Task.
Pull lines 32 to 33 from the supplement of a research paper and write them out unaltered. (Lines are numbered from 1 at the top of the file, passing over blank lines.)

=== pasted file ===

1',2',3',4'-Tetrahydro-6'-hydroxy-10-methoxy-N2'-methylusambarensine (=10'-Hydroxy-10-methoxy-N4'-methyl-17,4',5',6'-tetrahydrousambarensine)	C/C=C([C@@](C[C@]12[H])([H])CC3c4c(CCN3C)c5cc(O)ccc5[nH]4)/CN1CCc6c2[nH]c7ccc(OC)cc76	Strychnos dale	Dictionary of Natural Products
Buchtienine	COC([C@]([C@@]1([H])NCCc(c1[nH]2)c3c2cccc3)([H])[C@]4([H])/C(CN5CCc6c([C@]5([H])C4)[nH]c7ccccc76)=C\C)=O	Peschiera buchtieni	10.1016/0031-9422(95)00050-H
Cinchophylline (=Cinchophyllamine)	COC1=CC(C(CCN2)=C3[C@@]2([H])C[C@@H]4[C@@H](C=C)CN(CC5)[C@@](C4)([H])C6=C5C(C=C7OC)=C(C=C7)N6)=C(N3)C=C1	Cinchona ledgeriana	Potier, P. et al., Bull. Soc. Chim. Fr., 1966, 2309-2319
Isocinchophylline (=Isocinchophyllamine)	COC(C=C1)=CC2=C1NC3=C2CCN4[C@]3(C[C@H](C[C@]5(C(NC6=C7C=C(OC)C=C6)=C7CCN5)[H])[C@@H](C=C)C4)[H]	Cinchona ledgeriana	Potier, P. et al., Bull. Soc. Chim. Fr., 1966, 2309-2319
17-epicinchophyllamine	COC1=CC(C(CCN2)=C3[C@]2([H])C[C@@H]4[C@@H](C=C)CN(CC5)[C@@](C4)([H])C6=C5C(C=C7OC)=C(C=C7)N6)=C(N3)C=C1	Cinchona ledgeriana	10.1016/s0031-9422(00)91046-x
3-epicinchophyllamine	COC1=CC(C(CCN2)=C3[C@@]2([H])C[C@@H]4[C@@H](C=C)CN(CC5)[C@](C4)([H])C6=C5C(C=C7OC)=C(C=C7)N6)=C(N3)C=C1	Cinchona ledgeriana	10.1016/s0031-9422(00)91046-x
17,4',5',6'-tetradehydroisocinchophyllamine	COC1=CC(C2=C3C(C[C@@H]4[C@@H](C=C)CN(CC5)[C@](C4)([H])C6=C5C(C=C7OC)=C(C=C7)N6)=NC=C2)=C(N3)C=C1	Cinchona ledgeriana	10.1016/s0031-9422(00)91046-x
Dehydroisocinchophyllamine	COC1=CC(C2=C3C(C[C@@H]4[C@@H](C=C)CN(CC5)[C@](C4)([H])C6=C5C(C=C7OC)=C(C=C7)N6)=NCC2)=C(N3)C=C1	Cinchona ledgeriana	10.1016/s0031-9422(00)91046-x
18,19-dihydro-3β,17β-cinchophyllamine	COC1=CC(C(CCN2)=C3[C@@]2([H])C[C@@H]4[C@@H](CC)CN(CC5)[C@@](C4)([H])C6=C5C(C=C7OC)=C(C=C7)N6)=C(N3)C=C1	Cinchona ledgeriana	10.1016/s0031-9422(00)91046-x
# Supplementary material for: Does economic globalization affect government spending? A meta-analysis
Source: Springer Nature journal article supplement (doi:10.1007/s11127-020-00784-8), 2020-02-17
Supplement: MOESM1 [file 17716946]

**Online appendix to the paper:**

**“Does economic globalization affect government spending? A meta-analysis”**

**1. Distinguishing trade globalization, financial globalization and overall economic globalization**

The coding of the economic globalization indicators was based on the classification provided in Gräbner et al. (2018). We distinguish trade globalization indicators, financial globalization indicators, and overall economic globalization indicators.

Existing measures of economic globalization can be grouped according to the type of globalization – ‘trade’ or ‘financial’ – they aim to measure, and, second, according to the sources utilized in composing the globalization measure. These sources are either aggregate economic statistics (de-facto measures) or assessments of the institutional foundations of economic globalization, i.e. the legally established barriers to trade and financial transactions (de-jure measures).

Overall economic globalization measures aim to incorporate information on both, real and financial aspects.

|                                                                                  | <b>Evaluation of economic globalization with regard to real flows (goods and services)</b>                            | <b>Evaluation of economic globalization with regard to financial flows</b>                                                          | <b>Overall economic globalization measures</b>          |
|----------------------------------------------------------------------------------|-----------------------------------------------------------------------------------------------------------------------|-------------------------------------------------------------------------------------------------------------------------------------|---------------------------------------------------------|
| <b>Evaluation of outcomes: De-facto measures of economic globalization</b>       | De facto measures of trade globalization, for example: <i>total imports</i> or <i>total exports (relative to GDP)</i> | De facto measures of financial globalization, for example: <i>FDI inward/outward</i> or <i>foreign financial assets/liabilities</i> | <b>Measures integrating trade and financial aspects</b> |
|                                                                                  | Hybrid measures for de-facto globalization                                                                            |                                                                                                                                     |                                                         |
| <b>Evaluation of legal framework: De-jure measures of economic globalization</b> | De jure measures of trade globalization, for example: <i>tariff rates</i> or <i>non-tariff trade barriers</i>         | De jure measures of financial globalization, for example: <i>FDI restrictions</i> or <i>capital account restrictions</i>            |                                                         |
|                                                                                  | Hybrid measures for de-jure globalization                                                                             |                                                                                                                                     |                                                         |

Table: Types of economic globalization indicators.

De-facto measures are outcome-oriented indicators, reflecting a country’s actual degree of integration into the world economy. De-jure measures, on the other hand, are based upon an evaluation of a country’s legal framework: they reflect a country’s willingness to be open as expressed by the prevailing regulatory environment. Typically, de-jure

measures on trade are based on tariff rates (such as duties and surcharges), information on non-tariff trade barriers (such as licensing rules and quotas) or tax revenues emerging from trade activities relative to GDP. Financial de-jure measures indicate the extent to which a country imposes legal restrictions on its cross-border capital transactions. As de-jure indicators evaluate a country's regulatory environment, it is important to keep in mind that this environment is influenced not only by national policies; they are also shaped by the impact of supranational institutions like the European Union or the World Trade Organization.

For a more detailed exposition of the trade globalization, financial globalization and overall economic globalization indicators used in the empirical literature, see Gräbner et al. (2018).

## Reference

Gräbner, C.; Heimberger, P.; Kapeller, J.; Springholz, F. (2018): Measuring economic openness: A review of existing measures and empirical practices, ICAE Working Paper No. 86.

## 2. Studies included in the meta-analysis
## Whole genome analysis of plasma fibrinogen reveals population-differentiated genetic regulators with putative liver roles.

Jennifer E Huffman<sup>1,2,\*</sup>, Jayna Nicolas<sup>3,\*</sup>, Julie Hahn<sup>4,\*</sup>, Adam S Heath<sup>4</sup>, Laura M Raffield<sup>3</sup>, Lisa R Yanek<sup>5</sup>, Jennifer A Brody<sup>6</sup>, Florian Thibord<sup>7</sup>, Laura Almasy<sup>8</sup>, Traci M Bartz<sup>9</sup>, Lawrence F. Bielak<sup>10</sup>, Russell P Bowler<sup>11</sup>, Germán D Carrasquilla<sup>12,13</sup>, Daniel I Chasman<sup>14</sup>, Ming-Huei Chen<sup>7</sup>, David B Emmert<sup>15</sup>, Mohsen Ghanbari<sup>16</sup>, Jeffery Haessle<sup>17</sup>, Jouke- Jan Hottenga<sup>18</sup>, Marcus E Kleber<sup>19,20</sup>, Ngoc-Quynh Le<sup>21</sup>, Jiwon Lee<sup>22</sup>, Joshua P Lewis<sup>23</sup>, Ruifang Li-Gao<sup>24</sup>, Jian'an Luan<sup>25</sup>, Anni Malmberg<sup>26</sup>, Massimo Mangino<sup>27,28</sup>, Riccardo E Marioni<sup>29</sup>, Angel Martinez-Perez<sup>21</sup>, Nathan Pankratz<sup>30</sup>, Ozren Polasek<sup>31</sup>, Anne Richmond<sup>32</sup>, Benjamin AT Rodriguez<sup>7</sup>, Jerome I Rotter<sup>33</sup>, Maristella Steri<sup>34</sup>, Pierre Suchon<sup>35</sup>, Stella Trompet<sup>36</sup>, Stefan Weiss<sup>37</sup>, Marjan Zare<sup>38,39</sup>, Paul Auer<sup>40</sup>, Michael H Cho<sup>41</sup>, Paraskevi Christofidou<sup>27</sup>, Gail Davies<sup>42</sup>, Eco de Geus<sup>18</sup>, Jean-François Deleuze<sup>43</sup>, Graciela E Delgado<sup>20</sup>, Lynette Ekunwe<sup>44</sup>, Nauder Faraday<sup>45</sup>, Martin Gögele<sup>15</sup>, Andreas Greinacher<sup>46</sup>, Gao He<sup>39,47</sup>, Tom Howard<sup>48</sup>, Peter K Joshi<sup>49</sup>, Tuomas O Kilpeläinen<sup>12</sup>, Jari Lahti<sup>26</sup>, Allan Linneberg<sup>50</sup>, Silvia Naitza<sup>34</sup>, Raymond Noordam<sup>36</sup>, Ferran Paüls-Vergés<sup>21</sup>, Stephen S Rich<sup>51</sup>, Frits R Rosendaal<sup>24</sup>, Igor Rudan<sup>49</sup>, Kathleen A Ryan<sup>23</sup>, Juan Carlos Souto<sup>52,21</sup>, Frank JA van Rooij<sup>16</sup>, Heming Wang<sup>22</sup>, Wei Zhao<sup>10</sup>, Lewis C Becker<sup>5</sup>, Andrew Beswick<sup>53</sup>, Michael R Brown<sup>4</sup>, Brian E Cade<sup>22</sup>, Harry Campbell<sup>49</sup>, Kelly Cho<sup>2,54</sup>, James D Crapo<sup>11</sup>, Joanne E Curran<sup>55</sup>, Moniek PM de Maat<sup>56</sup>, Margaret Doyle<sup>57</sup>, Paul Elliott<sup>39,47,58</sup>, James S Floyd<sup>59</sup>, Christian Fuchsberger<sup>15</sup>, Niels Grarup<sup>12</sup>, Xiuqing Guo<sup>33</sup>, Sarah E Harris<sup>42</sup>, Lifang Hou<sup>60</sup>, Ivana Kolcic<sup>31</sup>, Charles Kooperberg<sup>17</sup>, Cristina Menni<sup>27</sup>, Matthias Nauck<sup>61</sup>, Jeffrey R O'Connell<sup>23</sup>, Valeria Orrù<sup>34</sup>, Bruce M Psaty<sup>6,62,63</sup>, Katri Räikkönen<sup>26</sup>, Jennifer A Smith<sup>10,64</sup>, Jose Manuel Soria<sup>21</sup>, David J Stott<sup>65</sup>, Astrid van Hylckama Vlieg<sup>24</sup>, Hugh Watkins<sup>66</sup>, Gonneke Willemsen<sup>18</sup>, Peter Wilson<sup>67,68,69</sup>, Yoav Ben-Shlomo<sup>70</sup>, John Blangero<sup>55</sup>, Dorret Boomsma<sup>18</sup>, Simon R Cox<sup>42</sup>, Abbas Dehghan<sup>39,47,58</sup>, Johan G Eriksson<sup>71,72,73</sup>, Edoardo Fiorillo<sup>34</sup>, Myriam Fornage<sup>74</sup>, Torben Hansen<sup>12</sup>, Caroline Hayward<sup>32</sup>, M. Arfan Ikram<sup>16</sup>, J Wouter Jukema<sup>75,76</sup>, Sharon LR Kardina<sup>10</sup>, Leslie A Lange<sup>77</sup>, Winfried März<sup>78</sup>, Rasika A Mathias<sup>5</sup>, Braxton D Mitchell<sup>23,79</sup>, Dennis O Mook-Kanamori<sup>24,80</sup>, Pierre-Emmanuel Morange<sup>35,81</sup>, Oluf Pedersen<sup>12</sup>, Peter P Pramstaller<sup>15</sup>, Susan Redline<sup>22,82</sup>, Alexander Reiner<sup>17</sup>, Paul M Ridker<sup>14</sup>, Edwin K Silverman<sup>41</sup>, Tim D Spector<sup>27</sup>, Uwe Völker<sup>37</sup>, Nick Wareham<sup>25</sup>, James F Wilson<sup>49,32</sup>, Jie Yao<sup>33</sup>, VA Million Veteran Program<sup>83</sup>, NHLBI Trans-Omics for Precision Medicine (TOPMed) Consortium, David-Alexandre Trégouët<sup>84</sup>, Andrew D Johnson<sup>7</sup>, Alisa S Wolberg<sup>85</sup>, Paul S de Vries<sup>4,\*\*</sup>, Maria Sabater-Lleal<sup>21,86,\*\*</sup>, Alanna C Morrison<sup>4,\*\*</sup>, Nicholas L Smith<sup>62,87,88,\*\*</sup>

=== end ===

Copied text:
## Whole genome analysis of plasma fibrinogen reveals population-differentiated genetic regulators with putative liver roles.

Jennifer E Huffman<sup>1,2,\*</sup>, Jayna Nicolas<sup>3,\*</sup>, Julie Hahn<sup>4,\*</sup>, Adam S Heath<sup>4</sup>, Laura M Raffield<sup>3</sup>, Lisa R Yanek<sup>5</sup>, Jennifer A Brody<sup>6</sup>, Florian Thibord<sup>7</sup>, Laura Almasy<sup>8</sup>, Traci M Bartz<sup>9</sup>, Lawrence F. Bielak<sup>10</sup>, Russell P Bowler<sup>11</sup>, Germán D Carrasquilla<sup>12,13</sup>, Daniel I Chasman<sup>14</sup>, Ming-Huei Chen<sup>7</sup>, David B Emmert<sup>15</sup>, Mohsen Ghanbari<sup>16</sup>, Jeffery Haessle<sup>17</sup>, Jouke- Jan Hottenga<sup>18</sup>, Marcus E Kleber<sup>19,20</sup>, Ngoc-Quynh Le<sup>21</sup>, Jiwon Lee<sup>22</sup>, Joshua P Lewis<sup>23</sup>, Ruifang Li-Gao<sup>24</sup>, Jian'an Luan<sup>25</sup>, Anni Malmberg<sup>26</sup>, Massimo Mangino<sup>27,28</sup>, Riccardo E Marioni<sup>29</sup>, Angel Martinez-Perez<sup>21</sup>, Nathan Pankratz<sup>30</sup>, Ozren Polasek<sup>31</sup>, Anne Richmond<sup>32</sup>, Benjamin AT Rodriguez<sup>7</sup>, Jerome I Rotter<sup>33</sup>, Maristella Steri<sup>34</sup>, Pierre Suchon<sup>35</sup>, Stella Trompet<sup>36</sup>, Stefan Weiss<sup>37</sup>, Marjan Zare<sup>38,39</sup>, Paul Auer<sup>40</sup>, Michael H Cho<sup>41</sup>, Paraskevi Christofidou<sup>27</sup>, Gail Davies<sup>42</sup>, Eco de Geus<sup>18</sup>, Jean-François Deleuze<sup>43</sup>, Graciela E Delgado<sup>20</sup>, Lynette Ekunwe<sup>44</sup>, Nauder Faraday<sup>45</sup>, Martin Gögele<sup>15</sup>, Andreas Greinacher<sup>46</sup>, Gao He<sup>39,47</sup>, Tom Howard<sup>48</sup>, Peter K Joshi<sup>49</sup>, Tuomas O Kilpeläinen<sup>12</sup>, Jari Lahti<sup>26</sup>, Allan Linneberg<sup>50</sup>, Silvia Naitza<sup>34</sup>, Raymond Noordam<sup>36</sup>, Ferran Paüls-Vergés<sup>21</sup>, Stephen S Rich<sup>51</sup>, Frits R Rosendaal<sup>24</sup>, Igor Rudan<sup>49</sup>, Kathleen A Ryan<sup>23</sup>, Juan Carlos Souto<sup>52,21</sup>, Frank JA van Rooij<sup>16</sup>, Heming Wang<sup>22</sup>, Wei Zhao<sup>10</sup>, Lewis C Becker<sup>5</sup>, Andrew Beswick<sup>53</sup>, Michael R Brown<sup>4</sup>, Brian E Cade<sup>22</sup>, Harry Campbell<sup>49</sup>, Kelly Cho<sup>2,54</sup>, James D Crapo<sup>11</sup>, Joanne E Curran<sup>55</sup>, Moniek PM de Maat<sup>56</sup>, Margaret Doyle<sup>57</sup>, Paul Elliott<sup>39,47,58</sup>, James S Floyd<sup>59</sup>, Christian Fuchsberger<sup>15</sup>, Niels Grarup<sup>12</sup>, Xiuqing Guo<sup>33</sup>, Sarah E Harris<sup>42</sup>, Lifang Hou<sup>60</sup>, Ivana Kolcic<sup>31</sup>, Charles Kooperberg<sup>17</sup>, Cristina Menni<sup>27</sup>, Matthias Nauck<sup>61</sup>, Jeffrey R O'Connell<sup>23</sup>, Valeria Orrù<sup>34</sup>, Bruce M Psaty<sup>6,62,63</sup>, Katri Räikkönen<sup>26</sup>, Jennifer A Smith<sup>10,64</sup>, Jose Manuel Soria<sup>21</sup>, David J Stott<sup>65</sup>, Astrid van Hylckama Vlieg<sup>24</sup>, Hugh Watkins<sup>66</sup>, Gonneke Willemsen<sup>18</sup>, Peter Wilson<sup>67,68,69</sup>, Yoav Ben-Shlomo<sup>70</sup>, John Blangero<sup>55</sup>, Dorret Boomsma<sup>18</sup>, Simon R Cox<sup>42</sup>, Abbas Dehghan<sup>39,47,58</sup>, Johan G Eriksson<sup>71,72,73</sup>, Edoardo Fiorillo<sup>34</sup>, Myriam Fornage<sup>74</sup>, Torben Hansen<sup>12</sup>, Caroline Hayward<sup>32</sup>, M. Arfan Ikram<sup>16</sup>, J Wouter Jukema<sup>75,76</sup>, Sharon LR Kardina<sup>10</sup>, Leslie A Lange<sup>77</sup>, Winfried März<sup>78</sup>, Rasika A Mathias<sup>5</sup>, Braxton D Mitchell<sup>23,79</sup>, Dennis O Mook-Kanamori<sup>24,80</sup>, Pierre-Emmanuel Morange<sup>35,81</sup>, Oluf Pedersen<sup>12</sup>, Peter P Pramstaller<sup>15</sup>, Susan Redline<sup>22,82</sup>, Alexander Reiner<sup>17</sup>, Paul M Ridker<sup>14</sup>, Edwin K Silverman<sup>41</sup>, Tim D Spector<sup>27</sup>, Uwe Völker<sup>37</sup>, Nick Wareham<sup>25</sup>, James F Wilson<sup>49,32</sup>, Jie Yao<sup>33</sup>, VA Million Veteran Program<sup>83</sup>, NHLBI Trans-Omics for Precision Medicine (TOPMed) Consortium, David-Alexandre Trégouët<sup>84</sup>, Andrew D Johnson<sup>7</sup>, Alisa S Wolberg<sup>85</sup>, Paul S de Vries<sup>4,\*\*</sup>, Maria Sabater-Lleal<sup>21,86,\*\*</sup>, Alanna C Morrison<sup>4,\*\*</sup>, Nicholas L Smith<sup>62,87,88,\*\*</sup>